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« on: May 08, 2007, 10:53:42 AM »

9 of 10 parents want their kids abstinent 
Majority believe teaching contraception encourages sexual activity

A new survey shows nine out of 10 parents agree being sexually abstinent is best for their child's health and future and, mostly, believe the message to wait is lost when sex education teaches the use of contraceptives.

The Zogby Poll done for the National Abstinence Education Association was released just as Congress is scheduled to put the issue of funding abstinence-only education programs on its agenda.

Valerie Huber, the association's executive director, said the poll also reveals the preference for abstinence-only education programs rises sharply – from 40 percent to 60 percent – when parents understand that sex education programs encompassing contraceptives do encourage sexual activity. Only 30 percent continue to maintain that "comprehensive" sex education is preferable.

"Parents simply want the best for their children," Huber told WND. "Once they think of what specifically is best for their own son or daughter, they choose abstinence, regardless of their [political agenda]."

She said the facts – if you take away the ideology – remain that same: abstinence is the one guaranteed method of preventing unwanted teen pregnancies and the related complications.

"When we look at any kind of public health message, we always point to what is the best course of action, whether we're talking about kids not starting to smoke, or to prevent obesity," she said. In the first instance, don't touch cigarettes, in the second, eat healthy food and remain active.

She said found it "incredulous" that people could say they want to address teen pregnancy, but continue to support programs that teach children exactly what they then are expected not to do.

Among the findings of the study, which had a margin of error of 3.2 percent, 90 percent of parents agree that abstinence is best for their own child, two-thirds believe the "wait" message is lost in programs that demonstrate and encourage the use of contraceptives, more than half think promoting and demonstrating condom usage encourages sexual activity and a vast majority of parents do not believe their teens will use those contraceptives every time.

"Alternatives," such as showering together which are included in comprehensive sex education courses, also encourage sexual activity, according to two-thirds of the parents who responded.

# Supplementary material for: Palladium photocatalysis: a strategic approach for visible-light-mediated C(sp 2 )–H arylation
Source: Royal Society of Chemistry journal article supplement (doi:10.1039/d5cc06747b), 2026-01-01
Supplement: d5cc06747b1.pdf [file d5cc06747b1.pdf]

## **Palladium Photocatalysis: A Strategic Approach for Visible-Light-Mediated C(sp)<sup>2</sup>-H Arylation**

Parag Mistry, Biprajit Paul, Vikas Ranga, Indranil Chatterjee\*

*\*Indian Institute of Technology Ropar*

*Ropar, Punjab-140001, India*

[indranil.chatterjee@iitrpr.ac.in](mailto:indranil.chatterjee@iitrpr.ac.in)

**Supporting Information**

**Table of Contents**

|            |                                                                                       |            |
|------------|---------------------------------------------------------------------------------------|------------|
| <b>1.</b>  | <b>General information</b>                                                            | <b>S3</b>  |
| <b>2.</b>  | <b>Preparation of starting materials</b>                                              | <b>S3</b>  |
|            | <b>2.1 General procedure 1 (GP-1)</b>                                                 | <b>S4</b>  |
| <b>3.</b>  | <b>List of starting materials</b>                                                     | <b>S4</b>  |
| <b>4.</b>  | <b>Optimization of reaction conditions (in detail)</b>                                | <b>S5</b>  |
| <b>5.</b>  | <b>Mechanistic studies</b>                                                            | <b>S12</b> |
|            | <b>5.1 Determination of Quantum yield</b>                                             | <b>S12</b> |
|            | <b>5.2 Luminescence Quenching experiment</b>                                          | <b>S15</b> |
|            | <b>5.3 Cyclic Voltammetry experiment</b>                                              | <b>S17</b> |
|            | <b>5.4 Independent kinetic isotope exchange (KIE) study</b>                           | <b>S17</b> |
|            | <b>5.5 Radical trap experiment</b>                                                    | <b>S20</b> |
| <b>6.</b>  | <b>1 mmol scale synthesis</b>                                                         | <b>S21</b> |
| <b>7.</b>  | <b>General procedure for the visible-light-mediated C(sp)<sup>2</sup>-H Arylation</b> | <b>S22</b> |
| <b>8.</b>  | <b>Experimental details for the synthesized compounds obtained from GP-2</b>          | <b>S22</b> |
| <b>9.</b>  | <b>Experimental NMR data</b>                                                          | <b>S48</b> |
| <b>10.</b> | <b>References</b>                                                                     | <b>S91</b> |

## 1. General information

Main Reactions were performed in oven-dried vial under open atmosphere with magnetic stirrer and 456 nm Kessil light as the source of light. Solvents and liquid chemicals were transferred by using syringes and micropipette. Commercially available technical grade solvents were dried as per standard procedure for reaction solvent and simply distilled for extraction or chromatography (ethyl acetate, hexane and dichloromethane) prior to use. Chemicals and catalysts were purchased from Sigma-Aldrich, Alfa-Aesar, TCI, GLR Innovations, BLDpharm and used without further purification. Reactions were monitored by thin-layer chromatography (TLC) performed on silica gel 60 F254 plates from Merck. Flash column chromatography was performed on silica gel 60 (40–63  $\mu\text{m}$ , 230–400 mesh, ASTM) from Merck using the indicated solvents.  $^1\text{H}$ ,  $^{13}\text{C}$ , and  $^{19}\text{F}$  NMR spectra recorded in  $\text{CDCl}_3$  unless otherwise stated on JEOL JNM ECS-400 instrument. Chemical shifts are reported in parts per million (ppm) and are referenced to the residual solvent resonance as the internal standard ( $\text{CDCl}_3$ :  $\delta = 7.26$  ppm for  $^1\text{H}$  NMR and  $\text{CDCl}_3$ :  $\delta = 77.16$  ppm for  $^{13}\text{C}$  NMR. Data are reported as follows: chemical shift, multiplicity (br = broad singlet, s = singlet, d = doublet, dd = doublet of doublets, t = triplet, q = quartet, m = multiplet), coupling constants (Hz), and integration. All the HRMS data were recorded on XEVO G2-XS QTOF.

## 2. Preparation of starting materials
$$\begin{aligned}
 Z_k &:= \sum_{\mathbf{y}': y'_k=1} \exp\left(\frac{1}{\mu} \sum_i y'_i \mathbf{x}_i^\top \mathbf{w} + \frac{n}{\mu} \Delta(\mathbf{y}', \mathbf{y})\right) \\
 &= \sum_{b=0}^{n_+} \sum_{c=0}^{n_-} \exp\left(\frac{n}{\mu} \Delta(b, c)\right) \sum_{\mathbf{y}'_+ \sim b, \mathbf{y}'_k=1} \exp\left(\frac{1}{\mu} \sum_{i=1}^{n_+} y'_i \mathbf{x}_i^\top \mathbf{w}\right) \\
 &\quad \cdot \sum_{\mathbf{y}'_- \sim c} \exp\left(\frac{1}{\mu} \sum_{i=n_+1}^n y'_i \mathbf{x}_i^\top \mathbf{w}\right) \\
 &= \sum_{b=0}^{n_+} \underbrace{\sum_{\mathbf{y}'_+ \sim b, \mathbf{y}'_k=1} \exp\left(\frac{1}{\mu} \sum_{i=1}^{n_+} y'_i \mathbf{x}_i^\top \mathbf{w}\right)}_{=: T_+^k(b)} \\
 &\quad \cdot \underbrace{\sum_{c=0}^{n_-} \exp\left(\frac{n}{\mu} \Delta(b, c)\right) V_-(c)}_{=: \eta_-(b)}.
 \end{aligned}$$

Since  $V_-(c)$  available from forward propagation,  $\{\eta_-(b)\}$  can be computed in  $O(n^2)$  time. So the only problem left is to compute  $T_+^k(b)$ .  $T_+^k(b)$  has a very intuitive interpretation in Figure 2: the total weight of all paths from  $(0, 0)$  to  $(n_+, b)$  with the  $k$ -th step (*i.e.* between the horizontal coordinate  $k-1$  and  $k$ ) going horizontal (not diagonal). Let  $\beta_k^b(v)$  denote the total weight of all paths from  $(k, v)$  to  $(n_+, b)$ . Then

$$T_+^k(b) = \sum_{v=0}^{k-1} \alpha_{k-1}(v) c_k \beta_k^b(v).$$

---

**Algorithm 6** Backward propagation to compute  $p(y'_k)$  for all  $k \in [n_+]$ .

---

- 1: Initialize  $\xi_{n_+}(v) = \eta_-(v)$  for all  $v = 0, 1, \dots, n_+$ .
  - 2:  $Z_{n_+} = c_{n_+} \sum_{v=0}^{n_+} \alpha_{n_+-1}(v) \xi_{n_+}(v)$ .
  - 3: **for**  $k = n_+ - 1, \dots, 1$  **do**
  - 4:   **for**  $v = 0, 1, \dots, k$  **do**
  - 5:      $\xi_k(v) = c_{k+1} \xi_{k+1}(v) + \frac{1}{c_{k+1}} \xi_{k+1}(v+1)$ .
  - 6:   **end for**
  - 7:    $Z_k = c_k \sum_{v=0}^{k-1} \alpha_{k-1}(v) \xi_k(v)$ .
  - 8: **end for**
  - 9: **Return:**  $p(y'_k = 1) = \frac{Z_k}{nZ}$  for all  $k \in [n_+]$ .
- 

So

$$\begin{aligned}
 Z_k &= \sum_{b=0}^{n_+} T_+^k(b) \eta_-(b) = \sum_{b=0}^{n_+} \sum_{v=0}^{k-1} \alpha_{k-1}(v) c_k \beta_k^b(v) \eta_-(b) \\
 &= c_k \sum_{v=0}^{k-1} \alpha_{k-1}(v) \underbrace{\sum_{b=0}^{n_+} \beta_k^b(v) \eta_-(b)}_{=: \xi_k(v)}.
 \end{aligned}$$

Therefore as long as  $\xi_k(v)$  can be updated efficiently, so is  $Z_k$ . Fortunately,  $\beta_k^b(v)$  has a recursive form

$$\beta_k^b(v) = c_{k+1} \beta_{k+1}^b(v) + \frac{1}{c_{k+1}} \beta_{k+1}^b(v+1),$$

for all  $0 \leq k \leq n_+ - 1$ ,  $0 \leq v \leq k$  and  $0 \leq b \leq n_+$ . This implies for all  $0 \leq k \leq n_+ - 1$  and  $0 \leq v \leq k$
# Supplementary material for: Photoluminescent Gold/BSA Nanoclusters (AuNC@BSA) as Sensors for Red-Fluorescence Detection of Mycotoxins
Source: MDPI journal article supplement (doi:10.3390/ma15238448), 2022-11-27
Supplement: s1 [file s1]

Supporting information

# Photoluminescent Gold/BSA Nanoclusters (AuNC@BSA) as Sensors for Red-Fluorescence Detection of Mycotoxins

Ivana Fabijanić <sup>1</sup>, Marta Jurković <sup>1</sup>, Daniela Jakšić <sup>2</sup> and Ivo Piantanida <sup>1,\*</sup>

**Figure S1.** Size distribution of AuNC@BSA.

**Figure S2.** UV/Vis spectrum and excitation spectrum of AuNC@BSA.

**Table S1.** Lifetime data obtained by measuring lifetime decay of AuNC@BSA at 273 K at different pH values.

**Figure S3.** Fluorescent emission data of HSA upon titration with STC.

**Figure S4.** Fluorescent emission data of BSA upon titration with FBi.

"Americans across all ideologies, religions, etc… It didn't take very long for them, once they understood what abstinence education is, to choose it," she said. "We're hoping that Congress understands what this is about."

The poll revealed that 80 percent of parents believe sex education in public schools should place more emphasis on promoting abstinence vs. contraceptive use, and 90 percent believe it is important for schools to emphasize abstaining from sex.

Eight out of 10 of the parents support the fundamentals of abstinence-only education regarding the development of healthy relationships to improve the chances of a health future marriage, abstinence benefitting even students who have been sexually active, and premarital sexual activity being reduced through increasing self-worth and self-control.

The study showed that more than 90 percent of the parents also believe their teens need to know the limitations of contraceptives, and by a 3-to-1 margin, want more government funding for abstinence education.

While preferences for abstinence education rose from 40 percent to 60 percent as parents learned of the specifics of sex education programs, support for those agendas also dropped from 50 percent to 30 percent.

"This sharp increase in support of abstinence education is seen across all political and economic groups," the group said.

"While abstinence education has been continually misrepresented by its opponents, we were confident that parents would strongly prefer abstinence education over so-called 'comprehensive' sex education after they received full, accurate information about this common sense educational approach," Huber said.

Officials noted that on June 30, federal funding for state abstinence programs will expire unless Congress acts to renew them.

Just days earlier, a complaint had been filed against several federally-funded abstinence education programs by the ACLU and several other groups. The programs are accused of giving teens "incomplete and misleading" information about sex.

While the complaint targets three programs, it calls for the cancellation of federal funding for more than a thousand different abstinence-until-marriage education programs across the country, according to Leslie Unruh, founder of the Abstinence Clearinghouse.

One of the challenged curriculums no longer is published, officials said.

Lesley Scearce, executive director of the challenged Know Why program, said the political timing is "transparent."

"It's no coincidence that the re-release of these claims comes during congressional debate of abstinence funding," she said. "Parents tell us they are concerned about the health and safety of their children and want the best for their future."

Since that program was launched, its county teen pregnancy rate has declined from 28.9 percent to 15.1 percent.

Joh 9:4  I must work the works of him that sent me, while it is day: the night cometh, when no man can work.
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